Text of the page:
Today we administered a school-wide writing prompt to students in grades nine through eleven. Students have roughly ninety minutes to read the passages and write to the prompt. My district has mandated three such practices prior to the spring assessment that will be administered state wide. Students in tenth grade must pass the test in order to graduate from high school in the state of Florida. For the first time such standardized tests will count as up to thirty percent of a students' final grade for English.
I serve the students in my class. I serve their parents and my community. While I would love to protest the test, to walk out of my double-wide portable, to walk down the three cement steps leading to the door, to walk in the street that even now construction vehicles travel as they renovate our campus, while I might enjoy that moment, that fist-in-the-face, forget it protest, that would not serve the twenty-six students sitting in my classroom. Walking out or opting out on students would not help them. Lee County attempted to opt out of state required tests but rescinded their vote just days later. While I do believe we must fight against the misuse of standardized tests, we must take that fight off of our campuses and out of our classrooms.
It feels like a lose-lose situation some days. I could rave about the narrowing of the curriculum. I could rant about how the misuse of tests creates a "working class" of citizens in our state who have not educational opportunities beyond a test they cannot pass. I could wax vitriolic, but I won't. Not today.
I am committed to the twenty-six students sitting in my room during testing. Today, I can manage to frame the situation as a learning experience.
So today, I wrote. I got a copy of the passages and the prompt. After I read the testing script aloud (in my best imitation of Professor McGonagall because our shared laughter released a lot of tension), after I circulated and made sure students had gotten started, I too wrote.
I annotated the passages--judicial opinions no less. I made note of the mode required by the prompt. I planned. I charted. I wrote and wrote. I cited textual evidence. I embedded direct quotations. I used parenthetical references. I worked hard during my writing time. I spent an hour and ten minutes of the ninety we were given writing and revising.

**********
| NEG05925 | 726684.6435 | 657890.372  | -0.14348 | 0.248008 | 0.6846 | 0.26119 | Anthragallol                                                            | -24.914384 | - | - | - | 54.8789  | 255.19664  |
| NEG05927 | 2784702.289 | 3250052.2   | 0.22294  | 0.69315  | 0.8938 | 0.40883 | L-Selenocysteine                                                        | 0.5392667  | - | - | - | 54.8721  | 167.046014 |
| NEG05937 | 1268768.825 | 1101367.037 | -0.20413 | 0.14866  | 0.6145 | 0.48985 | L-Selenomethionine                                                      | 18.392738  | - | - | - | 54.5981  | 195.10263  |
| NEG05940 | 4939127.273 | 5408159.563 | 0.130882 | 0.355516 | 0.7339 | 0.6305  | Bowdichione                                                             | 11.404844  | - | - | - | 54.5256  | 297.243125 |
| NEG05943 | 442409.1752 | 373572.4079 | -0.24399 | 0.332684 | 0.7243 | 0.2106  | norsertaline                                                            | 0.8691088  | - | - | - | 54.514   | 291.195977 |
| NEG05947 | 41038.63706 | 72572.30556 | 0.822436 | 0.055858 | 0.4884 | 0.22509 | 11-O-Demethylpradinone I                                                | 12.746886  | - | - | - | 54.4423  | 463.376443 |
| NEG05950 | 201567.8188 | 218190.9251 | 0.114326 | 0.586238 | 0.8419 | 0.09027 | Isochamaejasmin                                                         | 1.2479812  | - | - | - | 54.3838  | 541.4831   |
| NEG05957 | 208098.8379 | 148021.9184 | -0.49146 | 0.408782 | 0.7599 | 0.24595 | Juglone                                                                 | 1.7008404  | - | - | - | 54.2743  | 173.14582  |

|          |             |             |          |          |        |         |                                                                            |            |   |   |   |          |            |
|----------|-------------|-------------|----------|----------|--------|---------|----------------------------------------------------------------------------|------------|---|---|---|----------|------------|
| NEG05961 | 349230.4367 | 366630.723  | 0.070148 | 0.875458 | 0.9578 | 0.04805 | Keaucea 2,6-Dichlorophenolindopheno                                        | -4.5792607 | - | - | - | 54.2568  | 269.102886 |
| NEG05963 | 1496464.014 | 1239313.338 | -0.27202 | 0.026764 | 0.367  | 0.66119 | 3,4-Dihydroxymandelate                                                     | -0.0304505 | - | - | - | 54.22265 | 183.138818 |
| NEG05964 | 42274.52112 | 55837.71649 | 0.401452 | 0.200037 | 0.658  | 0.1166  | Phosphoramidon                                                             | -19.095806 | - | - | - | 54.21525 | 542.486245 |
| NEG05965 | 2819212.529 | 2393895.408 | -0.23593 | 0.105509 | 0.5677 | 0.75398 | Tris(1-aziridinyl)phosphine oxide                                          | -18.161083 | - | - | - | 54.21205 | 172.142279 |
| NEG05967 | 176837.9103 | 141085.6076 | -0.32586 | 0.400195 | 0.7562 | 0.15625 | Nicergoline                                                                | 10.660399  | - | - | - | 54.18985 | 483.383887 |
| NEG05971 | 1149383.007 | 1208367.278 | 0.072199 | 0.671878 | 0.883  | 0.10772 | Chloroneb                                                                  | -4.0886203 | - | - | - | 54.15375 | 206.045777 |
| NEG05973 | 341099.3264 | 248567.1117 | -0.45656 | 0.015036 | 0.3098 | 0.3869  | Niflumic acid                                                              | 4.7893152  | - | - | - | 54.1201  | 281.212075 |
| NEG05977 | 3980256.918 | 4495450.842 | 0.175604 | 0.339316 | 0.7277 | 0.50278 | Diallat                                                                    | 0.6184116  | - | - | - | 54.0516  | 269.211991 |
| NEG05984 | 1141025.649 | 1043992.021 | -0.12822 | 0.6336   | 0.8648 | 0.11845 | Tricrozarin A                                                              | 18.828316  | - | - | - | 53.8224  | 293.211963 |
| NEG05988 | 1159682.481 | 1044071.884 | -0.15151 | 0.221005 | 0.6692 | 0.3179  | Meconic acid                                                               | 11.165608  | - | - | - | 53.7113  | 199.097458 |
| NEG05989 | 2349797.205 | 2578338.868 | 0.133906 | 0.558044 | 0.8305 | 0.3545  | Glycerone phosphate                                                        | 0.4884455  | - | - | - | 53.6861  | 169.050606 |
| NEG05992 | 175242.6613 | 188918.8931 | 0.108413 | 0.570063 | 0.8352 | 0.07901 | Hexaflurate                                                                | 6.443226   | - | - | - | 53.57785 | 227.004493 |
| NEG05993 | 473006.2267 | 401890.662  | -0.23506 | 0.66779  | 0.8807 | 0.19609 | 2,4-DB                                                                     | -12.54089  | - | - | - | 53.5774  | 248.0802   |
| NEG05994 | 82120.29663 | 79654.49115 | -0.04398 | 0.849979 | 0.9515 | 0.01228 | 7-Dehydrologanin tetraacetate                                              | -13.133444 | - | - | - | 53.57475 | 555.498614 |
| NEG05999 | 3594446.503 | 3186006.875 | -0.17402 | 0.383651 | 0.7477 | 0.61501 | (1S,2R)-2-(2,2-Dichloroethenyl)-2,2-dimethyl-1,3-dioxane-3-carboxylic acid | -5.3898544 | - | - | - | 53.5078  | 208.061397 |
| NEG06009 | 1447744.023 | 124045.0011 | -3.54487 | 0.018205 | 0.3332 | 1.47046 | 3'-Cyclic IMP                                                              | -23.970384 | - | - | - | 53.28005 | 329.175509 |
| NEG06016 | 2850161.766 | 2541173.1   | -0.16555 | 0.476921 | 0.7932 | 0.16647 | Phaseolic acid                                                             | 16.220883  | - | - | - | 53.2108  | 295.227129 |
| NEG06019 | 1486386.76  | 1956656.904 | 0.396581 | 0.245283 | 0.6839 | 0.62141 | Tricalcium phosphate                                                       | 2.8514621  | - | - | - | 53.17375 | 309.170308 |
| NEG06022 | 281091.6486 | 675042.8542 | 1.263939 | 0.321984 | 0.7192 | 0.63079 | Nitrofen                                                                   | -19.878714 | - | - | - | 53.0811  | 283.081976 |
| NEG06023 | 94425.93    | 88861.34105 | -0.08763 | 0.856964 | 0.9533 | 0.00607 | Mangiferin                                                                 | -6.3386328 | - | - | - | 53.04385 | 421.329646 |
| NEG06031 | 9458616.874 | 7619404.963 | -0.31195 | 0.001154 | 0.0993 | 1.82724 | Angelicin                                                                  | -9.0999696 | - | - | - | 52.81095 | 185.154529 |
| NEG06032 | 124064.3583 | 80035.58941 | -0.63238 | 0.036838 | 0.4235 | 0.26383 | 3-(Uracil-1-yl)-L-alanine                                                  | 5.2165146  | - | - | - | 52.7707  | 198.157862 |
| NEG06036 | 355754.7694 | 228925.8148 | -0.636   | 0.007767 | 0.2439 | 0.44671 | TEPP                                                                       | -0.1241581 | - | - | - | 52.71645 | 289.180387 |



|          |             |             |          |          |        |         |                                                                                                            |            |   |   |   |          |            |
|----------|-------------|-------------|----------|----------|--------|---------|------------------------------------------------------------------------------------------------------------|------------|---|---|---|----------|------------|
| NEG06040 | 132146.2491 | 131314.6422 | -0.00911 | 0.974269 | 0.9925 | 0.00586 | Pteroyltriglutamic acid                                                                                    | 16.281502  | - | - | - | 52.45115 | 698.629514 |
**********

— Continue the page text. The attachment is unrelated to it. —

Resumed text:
I emailed my essay to district personnel and asked for it to be scored with the rubric the district provided. If I get it in a timely fashion, the feedback will be useful. We do not have anchor papers. We have never used this rubric as a faculty.
As a teacher, if I am to do right by the twenty-six students in my room and the fifty-two parents behind them, then I need to learn as much as I can as fast as I can. As a citizen, if I am to do right by the children in my state, I need to engage in the political process. I need to vote.I need to speak up. Outside of the school day, I need to write letters, call law makers, share resources.
I need to invite people in power into my classroom and get their eyes on students. (Is that even allowed? Surely a school board member or the members who serve from our district would be welcome on our campus. We'll see. I'll have to ask.) As a parent educator I keep thinking that the glass could be half full. I imagine that if law makers knew more about students, classrooms, teaching, learning, assessments and testing they may revise current policies and practices. Of course, that likely depends on the businesses in which they have personally invested. Charter schools are big business in my state. The issues are complex much more so than I want to address today.
These tests may have been created during the eleventh hour. These tests may be a money-making machine for those in power. These tests may damage public education. These tests may guarantee a working class for the service industry in my state. These tests may be used for despicable purposes under the guise of good intentions. These tests may limit the freedoms of those recently achieving citizenship. These tests may be unfair. These tests may punish those at lower socioeconomic levels. These tests may do all of that and more.
No matter now. No matter at this instructional moment. I must show students how to succeed on the assessments others demand. To do any less would be akin to saying students can't. That is not a judgment I am ever willing to make.
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